Neighborhood Factors That Affect Home Values

By
Real Estate Agent with Deb and Joe Corcoran, Keller Williams Real Estate

So what's the Number #1 question I get as a Realtor? It's always some variation of 'what's going on with home prices'. Translated it means, 'what's going on with the value of my home', because that's what people really want to know, right? While each home in the Lehigh Valley is different in some way from the others in any given neighborhood, there are certain things that can give you a good idea as to whether your home's value is on the increase or the decrease.  Many times it can depend upon the neighborhood itself; so how do you predict the value of a neighborhood? While no one can say for sure how home values in a neighborhood will rise or decline over time, there are big-picture economic factors that you can look for to help get handle on where they may be going.

1. Major regional employers. If a community depends upon one or two large companies for a high percentage of local employment, you can bet that as the company fares, so will the neighborhoods. While “company towns” are hardly the norm these days, don’t overlook the possibility.

2. Number of properties currently for sale. Sometimes there’s nothing wrong with a neighborhood just because the inventory (i.e. number of homes on the market) is high. Other times, something may be amiss. If you’re seeing street-after-street of “FOR SALE” signs, ask questions.

3. Major construction. Is that a new school they’re building, or is it a supermax prison? Did they clear that land for a new shopping center, or is it a new loop for the interstate? Certain types of construction can improve home values while others can hurt. Getting in touch with the local planning commission as well as the Morning Call or Express-Times can help illuminate what’s behind those bulldozers and cement mixers.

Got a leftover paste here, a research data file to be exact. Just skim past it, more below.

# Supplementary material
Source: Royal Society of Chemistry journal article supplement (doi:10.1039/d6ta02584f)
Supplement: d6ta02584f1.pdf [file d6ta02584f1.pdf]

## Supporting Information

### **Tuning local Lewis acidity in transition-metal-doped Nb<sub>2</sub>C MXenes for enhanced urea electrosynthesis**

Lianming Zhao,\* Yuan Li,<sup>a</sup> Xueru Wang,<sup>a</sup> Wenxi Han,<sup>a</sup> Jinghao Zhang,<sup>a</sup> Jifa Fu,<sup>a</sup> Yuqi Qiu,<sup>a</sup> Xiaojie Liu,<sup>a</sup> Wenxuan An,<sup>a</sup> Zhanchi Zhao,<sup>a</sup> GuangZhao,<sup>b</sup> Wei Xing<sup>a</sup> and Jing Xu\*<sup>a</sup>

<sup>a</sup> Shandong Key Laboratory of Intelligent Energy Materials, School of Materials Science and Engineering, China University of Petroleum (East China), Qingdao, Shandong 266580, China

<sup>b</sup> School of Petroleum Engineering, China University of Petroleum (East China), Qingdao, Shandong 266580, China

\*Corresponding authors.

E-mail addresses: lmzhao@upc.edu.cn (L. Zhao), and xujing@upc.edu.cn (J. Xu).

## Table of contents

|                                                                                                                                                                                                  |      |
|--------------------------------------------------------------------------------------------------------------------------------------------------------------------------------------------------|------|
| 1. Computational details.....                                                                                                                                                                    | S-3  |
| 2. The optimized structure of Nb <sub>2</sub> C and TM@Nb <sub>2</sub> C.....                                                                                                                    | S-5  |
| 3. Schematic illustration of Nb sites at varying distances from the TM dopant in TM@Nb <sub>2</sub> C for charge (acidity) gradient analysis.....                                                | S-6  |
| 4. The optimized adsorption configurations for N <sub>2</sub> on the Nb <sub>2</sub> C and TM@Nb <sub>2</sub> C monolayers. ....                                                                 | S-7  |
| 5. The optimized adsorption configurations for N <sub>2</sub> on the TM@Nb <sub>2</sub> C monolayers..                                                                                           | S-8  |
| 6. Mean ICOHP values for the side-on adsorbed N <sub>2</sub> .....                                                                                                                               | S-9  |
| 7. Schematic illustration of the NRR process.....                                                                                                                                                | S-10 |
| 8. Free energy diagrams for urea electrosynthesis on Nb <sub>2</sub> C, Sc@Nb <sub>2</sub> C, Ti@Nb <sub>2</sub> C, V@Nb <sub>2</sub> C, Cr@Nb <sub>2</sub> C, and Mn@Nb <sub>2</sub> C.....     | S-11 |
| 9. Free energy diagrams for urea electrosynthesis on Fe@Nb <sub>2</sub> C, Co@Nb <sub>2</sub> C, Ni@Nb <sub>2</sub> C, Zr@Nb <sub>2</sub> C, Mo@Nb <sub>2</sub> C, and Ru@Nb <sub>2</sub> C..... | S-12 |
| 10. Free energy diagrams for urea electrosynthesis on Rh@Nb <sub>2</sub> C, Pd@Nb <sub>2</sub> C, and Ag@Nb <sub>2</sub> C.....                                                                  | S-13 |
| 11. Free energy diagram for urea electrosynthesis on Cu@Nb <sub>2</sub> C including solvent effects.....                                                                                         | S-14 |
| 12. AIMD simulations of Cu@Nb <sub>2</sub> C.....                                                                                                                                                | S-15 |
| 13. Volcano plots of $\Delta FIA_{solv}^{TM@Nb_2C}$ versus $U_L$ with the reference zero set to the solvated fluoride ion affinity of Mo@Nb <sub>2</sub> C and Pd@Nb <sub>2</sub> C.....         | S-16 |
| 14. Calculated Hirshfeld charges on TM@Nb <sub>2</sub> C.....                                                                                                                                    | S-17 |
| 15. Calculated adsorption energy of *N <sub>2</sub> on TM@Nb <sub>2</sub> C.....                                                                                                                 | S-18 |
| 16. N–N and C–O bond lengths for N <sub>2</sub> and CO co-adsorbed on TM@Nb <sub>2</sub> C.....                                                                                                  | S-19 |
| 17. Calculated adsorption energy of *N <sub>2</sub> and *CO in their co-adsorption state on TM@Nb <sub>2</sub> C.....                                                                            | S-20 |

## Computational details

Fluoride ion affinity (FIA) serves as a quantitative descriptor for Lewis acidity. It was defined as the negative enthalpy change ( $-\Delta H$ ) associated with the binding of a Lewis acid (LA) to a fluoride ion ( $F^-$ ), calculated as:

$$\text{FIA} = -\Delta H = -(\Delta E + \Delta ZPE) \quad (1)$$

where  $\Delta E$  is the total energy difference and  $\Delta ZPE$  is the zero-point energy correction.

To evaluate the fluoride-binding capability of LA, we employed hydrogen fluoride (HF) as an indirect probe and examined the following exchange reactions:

4. Rental density. People who own the homes they live in tend to take better care of them. Also, it’s preferable to have long-term neighbors versus high-turnover tenants. Absentee landlords or seasonally rented properties can also be a drag on a neighborhood. Get a feel for the rental density and the direction it’s heading. Rental density matters.

5. Environmental conditions. One industrial accident that poisons a water supply is enough to annihilate home values. How susceptible is the region to extreme weather? Don’t rule out environmental liabilities or benefits.

Nobody’s crystal ball is perfect, but to ignore major macroeconomic factors is dangerous. Even if you’re only planning on staying in a location for 5 - 7 years, do yourself a favor and try to position yourself to make, not lose money, on your home with these tips in mind.

Wondering about the value of your home or have questions about a particular neighborhood?  Give me a call at 484-893-1234 or get your free home value report at lvmarketreport.com. The market is hot and homes are selling fast!

 

 

Posted by

Joe Corcoran

Keller Williams Real Estate

484-893-1234

www.DebAndJoe.com

Deb and Joe Corcoran logo

 

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Rainer
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Karen Mathers - REALTOR®
Keller Williams Vero Beach - Vero Beach, FL
When it Matters, Choose Mathers! 772-532-3221

Great information here.  It is sometimes difficult to get a seller to understand that their personal love and preferences for their home are not a "one size fits all" standard.

May 08, 2014 04:30 AM #1
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